There is no such law or jurisprudence in the legal system of East Timor. Furthermore, if any Australian government acquires the native title land absolutely for a public purpose, then it is liable to pay just compensation to the community - with just compensation being the current market value of the land. Current market value is the international standard for compulsory acquisition of property and, in the case of the federal Government in Australia, it is constitutionally-bound to pay compensation on just terms. Again, there is no such law or jurisprudence in East Timor.
There is a host of other questions arising from this development. For example, with whom did the Government of East Timor negotiate? Who represented the affected communities and what rights did they have to enter into agreements with the government about the community's lands? Was the community afforded access to legal advice? Was the agreement written in a language that is understood by the community? What exactly are the terms of the agreement and what happens, for instance, if no profits are generated from the project? Ten percent of nothing is nothing.
What are those profits and how are they expected to be generated? How will the 10% be held, managed and distributed for the benefit of the community? Have the community's land rights been extinguished forever or do some rights continue to co-exist with the rights that have been ceded to the government by the agreement?"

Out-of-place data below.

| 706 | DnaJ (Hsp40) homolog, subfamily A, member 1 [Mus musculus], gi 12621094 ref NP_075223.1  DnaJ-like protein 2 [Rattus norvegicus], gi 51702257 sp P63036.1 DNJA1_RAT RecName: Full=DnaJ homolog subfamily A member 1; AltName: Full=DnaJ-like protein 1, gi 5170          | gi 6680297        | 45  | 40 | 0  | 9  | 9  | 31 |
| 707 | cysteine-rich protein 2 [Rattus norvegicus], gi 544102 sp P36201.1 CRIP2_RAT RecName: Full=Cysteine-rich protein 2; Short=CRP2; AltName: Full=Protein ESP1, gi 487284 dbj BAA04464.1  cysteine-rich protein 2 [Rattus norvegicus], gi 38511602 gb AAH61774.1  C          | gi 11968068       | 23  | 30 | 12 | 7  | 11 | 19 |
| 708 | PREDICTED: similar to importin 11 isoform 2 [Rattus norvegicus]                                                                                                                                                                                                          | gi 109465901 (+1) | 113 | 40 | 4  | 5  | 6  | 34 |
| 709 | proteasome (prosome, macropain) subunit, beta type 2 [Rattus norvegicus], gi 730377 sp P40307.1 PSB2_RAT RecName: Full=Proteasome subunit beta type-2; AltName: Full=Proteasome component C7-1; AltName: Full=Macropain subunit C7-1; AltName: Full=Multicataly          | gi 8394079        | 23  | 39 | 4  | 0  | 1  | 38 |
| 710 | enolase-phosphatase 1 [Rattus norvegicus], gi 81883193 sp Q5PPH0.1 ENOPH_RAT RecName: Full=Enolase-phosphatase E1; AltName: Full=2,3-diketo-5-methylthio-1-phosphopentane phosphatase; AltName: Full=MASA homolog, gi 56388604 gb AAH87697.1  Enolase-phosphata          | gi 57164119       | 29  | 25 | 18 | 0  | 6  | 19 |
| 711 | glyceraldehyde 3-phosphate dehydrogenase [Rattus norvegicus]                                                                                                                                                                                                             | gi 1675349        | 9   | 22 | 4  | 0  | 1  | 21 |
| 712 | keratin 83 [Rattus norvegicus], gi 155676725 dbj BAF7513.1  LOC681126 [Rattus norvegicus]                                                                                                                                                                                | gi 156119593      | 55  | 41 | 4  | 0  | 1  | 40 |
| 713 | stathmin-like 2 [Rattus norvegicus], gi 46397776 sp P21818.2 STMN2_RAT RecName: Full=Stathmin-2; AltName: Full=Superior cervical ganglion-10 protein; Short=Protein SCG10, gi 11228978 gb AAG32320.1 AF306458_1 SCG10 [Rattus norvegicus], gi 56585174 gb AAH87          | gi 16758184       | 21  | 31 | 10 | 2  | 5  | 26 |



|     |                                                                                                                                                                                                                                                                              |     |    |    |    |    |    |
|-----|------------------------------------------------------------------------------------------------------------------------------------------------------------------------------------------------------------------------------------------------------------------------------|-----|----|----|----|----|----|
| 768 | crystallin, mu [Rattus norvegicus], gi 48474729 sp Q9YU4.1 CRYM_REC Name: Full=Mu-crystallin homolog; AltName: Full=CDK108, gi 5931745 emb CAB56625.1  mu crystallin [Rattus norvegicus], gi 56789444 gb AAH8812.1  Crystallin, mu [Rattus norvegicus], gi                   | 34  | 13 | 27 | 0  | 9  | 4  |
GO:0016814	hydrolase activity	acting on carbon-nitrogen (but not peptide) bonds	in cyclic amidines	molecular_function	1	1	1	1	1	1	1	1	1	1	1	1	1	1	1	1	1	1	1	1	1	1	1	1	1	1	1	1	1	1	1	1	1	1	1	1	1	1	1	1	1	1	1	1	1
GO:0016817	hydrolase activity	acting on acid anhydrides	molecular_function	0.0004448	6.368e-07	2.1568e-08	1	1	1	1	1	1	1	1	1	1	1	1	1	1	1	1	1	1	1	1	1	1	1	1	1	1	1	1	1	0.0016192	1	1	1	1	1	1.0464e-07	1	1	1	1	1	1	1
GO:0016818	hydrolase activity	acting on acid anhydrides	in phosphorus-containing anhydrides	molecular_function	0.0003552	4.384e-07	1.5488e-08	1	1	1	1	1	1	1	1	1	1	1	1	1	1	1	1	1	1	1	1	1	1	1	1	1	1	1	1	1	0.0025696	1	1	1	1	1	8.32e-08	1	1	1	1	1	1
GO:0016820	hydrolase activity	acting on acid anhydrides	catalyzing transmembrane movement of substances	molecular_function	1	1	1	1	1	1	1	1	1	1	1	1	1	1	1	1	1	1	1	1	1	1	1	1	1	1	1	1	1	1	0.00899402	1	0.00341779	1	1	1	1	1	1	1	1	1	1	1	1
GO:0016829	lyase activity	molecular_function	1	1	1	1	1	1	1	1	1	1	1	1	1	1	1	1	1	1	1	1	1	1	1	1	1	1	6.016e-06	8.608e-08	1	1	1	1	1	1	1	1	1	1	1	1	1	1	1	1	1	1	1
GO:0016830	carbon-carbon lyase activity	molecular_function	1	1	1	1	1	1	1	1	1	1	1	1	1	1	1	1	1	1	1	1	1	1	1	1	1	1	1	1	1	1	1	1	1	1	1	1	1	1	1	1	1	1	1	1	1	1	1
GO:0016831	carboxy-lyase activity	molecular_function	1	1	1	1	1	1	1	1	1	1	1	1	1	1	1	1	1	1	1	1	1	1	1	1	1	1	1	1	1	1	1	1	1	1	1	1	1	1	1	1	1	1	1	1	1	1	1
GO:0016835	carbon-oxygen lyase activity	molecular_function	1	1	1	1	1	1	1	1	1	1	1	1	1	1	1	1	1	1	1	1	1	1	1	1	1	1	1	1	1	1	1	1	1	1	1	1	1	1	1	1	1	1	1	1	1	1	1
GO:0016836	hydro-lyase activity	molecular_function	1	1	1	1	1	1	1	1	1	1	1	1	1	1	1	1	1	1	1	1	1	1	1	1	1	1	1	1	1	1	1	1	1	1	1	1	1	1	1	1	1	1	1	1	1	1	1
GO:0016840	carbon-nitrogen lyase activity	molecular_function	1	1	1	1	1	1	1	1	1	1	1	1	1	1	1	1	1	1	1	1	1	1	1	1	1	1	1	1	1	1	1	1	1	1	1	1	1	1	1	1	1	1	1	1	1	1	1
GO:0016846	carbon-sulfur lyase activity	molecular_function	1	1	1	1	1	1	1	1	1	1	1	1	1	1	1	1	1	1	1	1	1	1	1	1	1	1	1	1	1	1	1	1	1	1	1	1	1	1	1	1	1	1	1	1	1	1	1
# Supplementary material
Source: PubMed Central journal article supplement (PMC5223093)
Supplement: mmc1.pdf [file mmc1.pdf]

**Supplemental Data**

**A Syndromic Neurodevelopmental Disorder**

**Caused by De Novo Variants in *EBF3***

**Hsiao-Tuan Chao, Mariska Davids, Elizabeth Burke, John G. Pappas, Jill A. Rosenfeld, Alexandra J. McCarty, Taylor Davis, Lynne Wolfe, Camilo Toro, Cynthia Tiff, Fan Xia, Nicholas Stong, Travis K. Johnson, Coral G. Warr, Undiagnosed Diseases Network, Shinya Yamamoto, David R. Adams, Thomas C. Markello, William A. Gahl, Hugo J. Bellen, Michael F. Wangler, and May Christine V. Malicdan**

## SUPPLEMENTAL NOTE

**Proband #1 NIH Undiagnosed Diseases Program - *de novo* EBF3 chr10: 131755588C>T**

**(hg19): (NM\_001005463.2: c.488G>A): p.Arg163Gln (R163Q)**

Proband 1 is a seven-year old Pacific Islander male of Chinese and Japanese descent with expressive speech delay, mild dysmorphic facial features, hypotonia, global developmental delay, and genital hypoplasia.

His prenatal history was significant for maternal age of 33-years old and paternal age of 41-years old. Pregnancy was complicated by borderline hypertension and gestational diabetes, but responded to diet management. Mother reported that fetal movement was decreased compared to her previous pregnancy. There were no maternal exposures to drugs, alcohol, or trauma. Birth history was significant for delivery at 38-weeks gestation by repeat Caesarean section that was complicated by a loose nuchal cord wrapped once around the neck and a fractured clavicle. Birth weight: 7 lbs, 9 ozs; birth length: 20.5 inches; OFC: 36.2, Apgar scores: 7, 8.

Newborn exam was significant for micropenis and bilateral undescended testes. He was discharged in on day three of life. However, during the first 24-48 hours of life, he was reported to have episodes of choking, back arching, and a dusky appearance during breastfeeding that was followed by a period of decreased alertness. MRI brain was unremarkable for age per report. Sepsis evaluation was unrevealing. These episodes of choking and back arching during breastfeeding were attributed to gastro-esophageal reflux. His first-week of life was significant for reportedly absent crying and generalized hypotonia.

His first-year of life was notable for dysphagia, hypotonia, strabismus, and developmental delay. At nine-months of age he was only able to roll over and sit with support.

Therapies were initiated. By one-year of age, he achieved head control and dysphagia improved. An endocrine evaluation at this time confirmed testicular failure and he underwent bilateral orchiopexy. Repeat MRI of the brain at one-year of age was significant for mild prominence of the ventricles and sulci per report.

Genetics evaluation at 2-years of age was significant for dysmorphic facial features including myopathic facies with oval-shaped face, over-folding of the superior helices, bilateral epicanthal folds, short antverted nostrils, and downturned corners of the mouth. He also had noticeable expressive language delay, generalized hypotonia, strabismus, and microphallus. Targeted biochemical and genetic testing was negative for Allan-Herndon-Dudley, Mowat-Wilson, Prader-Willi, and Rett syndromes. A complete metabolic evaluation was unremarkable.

It was, and remains my opinion, that it was "disingenuous of the government of East Timor to draw any comparisons to the traditional land ownership in East Timor and that in Australia."
I am reiterating these issues here in this post to point out an unprecedented development in the complex issue of native title in Australia which further demonstrates the vast differences in the ways that laws and policies in Australia and East Timor deal with the issue of the title of indigenous communal land when the traditional owners are facing the state over claims for compensation for the acquisition of their land.
It was reported in the Australian media this week* that, in the state of Western Australia, the West Australian Government has put forward an offer worth $1.3 billion to the Noongar people in a bid to settle native title claims over the state's capital city, Perth and the south west region of the state.
The offer includes the establishment of a perpetual trust into which the government would invest $50 million each year for 12 years and more than 300,000 hectares of Crown land (the equivalent of State land in East Timor) would be held by the trust designed to support social, cultural and economic development of the Noongar population and that if the offer is accepted, it will represent the most comprehensive agreement of its kind in Australian history.
"This is recognition of the unique place the Noongar people occupy in WA's history," he said. It will will put an end to long and expensive disputes.
This case represents a model by which the claims of traditional communities all over the world, including East Timor, should strive to meet.
* West Australian Government offers Noongar people $1.3 billion native title deal ABC News http://www.abc.net.au/news/2013-07-06/noongar-offer/4803700 Accessed 7 July 2013
Author: Warren L. Wright